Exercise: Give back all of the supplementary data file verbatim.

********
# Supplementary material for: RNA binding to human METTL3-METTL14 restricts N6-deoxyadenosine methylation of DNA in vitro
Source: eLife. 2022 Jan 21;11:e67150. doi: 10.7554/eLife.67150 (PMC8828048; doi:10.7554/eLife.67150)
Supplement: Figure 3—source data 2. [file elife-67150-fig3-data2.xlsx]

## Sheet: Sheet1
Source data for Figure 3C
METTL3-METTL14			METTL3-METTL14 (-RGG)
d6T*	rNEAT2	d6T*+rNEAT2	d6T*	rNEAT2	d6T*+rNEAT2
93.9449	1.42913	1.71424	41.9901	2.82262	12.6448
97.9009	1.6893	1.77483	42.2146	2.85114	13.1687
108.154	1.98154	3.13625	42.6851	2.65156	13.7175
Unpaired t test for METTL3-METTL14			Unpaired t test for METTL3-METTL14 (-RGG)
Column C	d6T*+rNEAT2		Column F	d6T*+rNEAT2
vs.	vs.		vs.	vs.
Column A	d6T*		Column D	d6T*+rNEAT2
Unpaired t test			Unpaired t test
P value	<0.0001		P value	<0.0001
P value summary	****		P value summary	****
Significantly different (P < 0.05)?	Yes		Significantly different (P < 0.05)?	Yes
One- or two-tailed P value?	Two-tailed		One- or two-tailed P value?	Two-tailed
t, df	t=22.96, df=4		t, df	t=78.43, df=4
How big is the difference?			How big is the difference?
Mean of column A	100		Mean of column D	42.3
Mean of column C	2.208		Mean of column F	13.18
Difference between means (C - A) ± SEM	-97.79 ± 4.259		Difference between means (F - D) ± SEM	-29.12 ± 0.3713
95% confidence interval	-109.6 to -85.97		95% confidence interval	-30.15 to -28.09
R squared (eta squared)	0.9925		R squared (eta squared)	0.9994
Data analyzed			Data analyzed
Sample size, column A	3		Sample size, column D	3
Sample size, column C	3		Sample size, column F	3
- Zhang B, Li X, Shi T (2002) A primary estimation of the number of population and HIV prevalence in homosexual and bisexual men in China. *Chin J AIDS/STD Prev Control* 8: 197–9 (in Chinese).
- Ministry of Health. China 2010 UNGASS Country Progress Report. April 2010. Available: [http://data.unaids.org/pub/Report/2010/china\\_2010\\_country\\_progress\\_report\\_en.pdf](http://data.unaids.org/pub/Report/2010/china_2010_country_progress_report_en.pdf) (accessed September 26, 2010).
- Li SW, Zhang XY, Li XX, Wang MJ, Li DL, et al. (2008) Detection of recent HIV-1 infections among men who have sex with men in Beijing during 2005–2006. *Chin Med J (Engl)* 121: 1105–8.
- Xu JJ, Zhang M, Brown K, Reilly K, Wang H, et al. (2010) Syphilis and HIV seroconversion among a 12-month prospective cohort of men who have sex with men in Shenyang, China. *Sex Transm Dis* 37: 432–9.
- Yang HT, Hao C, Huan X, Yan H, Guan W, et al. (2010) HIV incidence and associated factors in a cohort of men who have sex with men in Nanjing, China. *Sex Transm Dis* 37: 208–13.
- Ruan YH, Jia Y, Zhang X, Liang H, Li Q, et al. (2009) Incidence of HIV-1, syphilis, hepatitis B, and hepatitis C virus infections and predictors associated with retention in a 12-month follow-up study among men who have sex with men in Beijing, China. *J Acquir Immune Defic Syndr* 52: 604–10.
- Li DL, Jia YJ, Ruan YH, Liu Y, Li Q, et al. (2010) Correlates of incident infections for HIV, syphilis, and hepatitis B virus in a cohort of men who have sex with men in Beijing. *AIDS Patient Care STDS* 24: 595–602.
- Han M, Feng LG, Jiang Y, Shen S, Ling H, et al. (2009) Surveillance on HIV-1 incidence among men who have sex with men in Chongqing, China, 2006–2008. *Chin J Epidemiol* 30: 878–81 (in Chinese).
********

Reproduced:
# Supplementary material for: RNA binding to human METTL3-METTL14 restricts N6-deoxyadenosine methylation of DNA in vitro
Source: eLife. 2022 Jan 21;11:e67150. doi: 10.7554/eLife.67150 (PMC8828048; doi:10.7554/eLife.67150)
Supplement: Figure 3—source data 2. [file elife-67150-fig3-data2.xlsx]

## Sheet: Sheet1
Source data for Figure 3C
METTL3-METTL14			METTL3-METTL14 (-RGG)
d6T*	rNEAT2	d6T*+rNEAT2	d6T*	rNEAT2	d6T*+rNEAT2
93.9449	1.42913	1.71424	41.9901	2.82262	12.6448
97.9009	1.6893	1.77483	42.2146	2.85114	13.1687
108.154	1.98154	3.13625	42.6851	2.65156	13.7175
Unpaired t test for METTL3-METTL14			Unpaired t test for METTL3-METTL14 (-RGG)
Column C	d6T*+rNEAT2		Column F	d6T*+rNEAT2
vs.	vs.		vs.	vs.
Column A	d6T*		Column D	d6T*+rNEAT2
Unpaired t test			Unpaired t test
P value	<0.0001		P value	<0.0001
P value summary	****		P value summary	****
Significantly different (P < 0.05)?	Yes		Significantly different (P < 0.05)?	Yes
One- or two-tailed P value?	Two-tailed		One- or two-tailed P value?	Two-tailed
t, df	t=22.96, df=4		t, df	t=78.43, df=4
How big is the difference?			How big is the difference?
Mean of column A	100		Mean of column D	42.3
Mean of column C	2.208		Mean of column F	13.18
Difference between means (C - A) ± SEM	-97.79 ± 4.259		Difference between means (F - D) ± SEM	-29.12 ± 0.3713
95% confidence interval	-109.6 to -85.97		95% confidence interval	-30.15 to -28.09
R squared (eta squared)	0.9925		R squared (eta squared)	0.9994
Data analyzed			Data analyzed
Sample size, column A	3		Sample size, column D	3
Sample size, column C	3		Sample size, column F	3
- Zhang B, Li X, Shi T (2002) A primary estimation of the number of population and HIV prevalence in homosexual and bisexual men in China. *Chin J AIDS/STD Prev Control* 8: 197–9 (in Chinese).
- Ministry of Health. China 2010 UNGASS Country Progress Report. April 2010. Available: [http://data.unaids.org/pub/Report/2010/china\\_2010\\_country\\_progress\\_report\\_en.pdf](http://data.unaids.org/pub/Report/2010/china_2010_country_progress_report_en.pdf) (accessed September 26, 2010).
- Li SW, Zhang XY, Li XX, Wang MJ, Li DL, et al. (2008) Detection of recent HIV-1 infections among men who have sex with men in Beijing during 2005–2006. *Chin Med J (Engl)* 121: 1105–8.
- Xu JJ, Zhang M, Brown K, Reilly K, Wang H, et al. (2010) Syphilis and HIV seroconversion among a 12-month prospective cohort of men who have sex with men in Shenyang, China. *Sex Transm Dis* 37: 432–9.
- Yang HT, Hao C, Huan X, Yan H, Guan W, et al. (2010) HIV incidence and associated factors in a cohort of men who have sex with men in Nanjing, China. *Sex Transm Dis* 37: 208–13.
- Ruan YH, Jia Y, Zhang X, Liang H, Li Q, et al. (2009) Incidence of HIV-1, syphilis, hepatitis B, and hepatitis C virus infections and predictors associated with retention in a 12-month follow-up study among men who have sex with men in Beijing, China. *J Acquir Immune Defic Syndr* 52: 604–10.
- Li DL, Jia YJ, Ruan YH, Liu Y, Li Q, et al. (2010) Correlates of incident infections for HIV, syphilis, and hepatitis B virus in a cohort of men who have sex with men in Beijing. *AIDS Patient Care STDS* 24: 595–602.
- Han M, Feng LG, Jiang Y, Shen S, Ling H, et al. (2009) Surveillance on HIV-1 incidence among men who have sex with men in Chongqing, China, 2006–2008. *Chin J Epidemiol* 30: 878–81 (in Chinese).